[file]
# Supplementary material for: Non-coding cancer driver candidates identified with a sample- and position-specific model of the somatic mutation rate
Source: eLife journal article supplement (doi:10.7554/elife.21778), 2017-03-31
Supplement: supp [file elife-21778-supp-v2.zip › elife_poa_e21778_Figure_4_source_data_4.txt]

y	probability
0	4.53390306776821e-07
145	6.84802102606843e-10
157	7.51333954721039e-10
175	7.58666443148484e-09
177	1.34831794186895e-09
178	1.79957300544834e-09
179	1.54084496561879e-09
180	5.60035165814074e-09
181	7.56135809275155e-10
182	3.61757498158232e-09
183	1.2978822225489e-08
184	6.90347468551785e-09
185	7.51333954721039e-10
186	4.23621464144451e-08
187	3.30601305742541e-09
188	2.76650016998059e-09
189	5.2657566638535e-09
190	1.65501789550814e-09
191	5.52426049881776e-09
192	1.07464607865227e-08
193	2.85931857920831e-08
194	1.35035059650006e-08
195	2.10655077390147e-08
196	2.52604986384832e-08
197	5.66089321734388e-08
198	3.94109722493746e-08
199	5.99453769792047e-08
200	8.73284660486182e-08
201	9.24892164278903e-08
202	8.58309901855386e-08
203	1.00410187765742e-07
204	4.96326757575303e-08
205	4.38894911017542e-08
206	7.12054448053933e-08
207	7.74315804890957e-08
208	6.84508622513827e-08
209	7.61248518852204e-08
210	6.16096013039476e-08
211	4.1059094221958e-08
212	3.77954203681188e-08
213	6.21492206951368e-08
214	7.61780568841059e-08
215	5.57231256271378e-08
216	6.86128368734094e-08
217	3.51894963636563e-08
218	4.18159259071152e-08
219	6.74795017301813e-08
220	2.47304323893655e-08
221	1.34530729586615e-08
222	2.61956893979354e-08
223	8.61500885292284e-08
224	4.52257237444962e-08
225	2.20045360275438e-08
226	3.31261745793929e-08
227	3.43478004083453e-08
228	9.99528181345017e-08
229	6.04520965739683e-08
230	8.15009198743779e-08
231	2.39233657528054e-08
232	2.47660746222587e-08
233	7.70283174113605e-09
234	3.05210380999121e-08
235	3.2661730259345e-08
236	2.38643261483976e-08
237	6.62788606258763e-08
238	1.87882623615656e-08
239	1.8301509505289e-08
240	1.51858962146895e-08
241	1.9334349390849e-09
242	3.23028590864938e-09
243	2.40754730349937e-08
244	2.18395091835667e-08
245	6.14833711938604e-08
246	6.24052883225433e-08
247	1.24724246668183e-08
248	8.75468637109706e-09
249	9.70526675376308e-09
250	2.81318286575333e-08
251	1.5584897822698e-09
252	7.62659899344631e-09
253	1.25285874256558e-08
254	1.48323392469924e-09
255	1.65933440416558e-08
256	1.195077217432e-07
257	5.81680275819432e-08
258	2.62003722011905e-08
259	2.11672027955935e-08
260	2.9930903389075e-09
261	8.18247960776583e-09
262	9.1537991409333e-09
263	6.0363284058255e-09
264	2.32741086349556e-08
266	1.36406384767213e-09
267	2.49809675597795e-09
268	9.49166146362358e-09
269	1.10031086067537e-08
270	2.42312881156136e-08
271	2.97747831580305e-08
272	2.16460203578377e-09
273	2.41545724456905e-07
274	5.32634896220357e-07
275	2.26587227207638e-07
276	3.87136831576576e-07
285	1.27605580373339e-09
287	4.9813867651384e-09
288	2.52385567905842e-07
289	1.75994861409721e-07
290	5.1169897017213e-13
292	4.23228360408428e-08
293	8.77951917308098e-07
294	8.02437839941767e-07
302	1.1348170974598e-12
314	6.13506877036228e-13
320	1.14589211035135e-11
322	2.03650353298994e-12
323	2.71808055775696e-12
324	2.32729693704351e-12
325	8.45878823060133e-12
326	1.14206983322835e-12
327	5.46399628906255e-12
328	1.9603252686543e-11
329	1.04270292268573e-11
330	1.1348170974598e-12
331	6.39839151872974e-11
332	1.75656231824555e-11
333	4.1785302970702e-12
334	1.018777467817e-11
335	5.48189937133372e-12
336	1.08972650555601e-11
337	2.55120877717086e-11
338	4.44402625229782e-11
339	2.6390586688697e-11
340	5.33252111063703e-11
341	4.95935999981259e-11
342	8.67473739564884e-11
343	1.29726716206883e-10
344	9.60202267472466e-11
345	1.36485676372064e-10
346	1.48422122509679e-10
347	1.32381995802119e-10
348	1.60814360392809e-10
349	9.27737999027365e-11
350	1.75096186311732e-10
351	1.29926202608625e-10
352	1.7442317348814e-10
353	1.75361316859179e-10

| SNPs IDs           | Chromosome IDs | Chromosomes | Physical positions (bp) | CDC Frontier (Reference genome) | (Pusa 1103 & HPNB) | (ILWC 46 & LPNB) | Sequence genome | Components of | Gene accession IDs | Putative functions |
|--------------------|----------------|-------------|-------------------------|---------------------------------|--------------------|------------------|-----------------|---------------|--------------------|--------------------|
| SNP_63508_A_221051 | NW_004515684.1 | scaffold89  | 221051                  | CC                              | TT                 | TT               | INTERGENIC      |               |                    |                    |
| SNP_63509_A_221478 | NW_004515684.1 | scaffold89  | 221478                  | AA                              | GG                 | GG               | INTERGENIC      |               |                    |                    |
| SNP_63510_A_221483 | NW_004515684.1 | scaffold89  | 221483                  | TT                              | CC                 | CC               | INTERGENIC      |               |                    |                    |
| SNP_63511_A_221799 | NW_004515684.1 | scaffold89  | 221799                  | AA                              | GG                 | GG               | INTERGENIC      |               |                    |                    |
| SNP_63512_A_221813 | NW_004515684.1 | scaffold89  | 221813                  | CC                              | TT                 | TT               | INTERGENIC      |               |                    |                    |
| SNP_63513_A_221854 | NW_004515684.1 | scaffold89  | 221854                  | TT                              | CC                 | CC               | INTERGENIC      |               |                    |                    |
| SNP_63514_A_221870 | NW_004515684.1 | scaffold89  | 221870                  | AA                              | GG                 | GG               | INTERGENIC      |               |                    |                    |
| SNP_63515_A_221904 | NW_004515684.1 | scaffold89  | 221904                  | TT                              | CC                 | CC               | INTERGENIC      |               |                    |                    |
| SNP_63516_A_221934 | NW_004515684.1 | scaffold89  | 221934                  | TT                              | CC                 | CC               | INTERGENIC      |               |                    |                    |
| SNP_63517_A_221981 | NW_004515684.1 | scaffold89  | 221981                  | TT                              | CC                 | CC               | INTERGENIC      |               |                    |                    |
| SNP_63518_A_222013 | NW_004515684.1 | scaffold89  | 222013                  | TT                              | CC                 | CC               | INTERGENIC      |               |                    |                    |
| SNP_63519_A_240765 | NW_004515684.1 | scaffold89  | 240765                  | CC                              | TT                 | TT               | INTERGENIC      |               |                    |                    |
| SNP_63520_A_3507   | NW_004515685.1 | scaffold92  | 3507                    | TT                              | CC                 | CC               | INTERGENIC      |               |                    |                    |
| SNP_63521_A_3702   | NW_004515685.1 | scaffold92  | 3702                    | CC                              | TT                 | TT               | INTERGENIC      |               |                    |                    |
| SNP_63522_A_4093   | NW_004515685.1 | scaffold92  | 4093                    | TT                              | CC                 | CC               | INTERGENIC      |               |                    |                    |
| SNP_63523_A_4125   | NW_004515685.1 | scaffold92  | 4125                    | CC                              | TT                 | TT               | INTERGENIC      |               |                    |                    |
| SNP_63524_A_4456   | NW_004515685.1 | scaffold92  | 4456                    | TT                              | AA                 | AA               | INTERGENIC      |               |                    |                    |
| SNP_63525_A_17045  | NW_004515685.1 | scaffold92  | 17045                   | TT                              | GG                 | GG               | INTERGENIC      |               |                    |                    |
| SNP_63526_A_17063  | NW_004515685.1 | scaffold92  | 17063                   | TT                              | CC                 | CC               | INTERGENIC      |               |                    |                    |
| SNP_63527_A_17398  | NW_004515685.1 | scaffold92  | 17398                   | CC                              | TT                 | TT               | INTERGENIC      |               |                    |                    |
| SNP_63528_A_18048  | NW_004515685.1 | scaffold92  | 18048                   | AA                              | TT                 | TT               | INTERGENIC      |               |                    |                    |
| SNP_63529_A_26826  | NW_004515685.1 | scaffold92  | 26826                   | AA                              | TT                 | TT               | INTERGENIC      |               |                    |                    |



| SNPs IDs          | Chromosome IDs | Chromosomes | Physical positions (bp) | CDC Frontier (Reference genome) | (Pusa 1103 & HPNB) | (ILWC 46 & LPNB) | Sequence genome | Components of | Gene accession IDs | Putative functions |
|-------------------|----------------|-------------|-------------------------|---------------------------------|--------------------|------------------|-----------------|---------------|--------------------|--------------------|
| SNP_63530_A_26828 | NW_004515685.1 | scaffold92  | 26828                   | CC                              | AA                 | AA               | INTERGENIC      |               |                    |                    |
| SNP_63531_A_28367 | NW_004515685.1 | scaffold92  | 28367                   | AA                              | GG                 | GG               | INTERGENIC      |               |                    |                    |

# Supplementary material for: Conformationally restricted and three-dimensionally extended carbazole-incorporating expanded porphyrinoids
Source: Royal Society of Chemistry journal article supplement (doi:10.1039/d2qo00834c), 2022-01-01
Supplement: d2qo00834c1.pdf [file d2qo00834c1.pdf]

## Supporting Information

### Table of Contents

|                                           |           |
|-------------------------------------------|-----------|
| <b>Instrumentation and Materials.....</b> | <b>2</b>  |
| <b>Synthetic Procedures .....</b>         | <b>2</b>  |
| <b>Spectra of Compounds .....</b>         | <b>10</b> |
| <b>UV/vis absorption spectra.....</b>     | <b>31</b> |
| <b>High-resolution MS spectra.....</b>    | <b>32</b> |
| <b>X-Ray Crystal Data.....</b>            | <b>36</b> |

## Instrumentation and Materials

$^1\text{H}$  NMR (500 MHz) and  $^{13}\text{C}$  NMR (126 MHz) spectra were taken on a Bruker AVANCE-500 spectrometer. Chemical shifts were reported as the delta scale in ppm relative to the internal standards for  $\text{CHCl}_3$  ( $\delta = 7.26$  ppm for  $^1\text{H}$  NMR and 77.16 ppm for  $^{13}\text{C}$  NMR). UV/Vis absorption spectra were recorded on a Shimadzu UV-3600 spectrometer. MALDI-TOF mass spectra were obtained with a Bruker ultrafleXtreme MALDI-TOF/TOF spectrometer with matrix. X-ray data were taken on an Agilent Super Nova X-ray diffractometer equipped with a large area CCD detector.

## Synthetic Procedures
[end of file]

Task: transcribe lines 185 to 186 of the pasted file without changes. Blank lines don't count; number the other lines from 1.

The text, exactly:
|-------------------------------------------|-----------|
| <b>Instrumentation and Materials.....</b> | <b>2</b>  |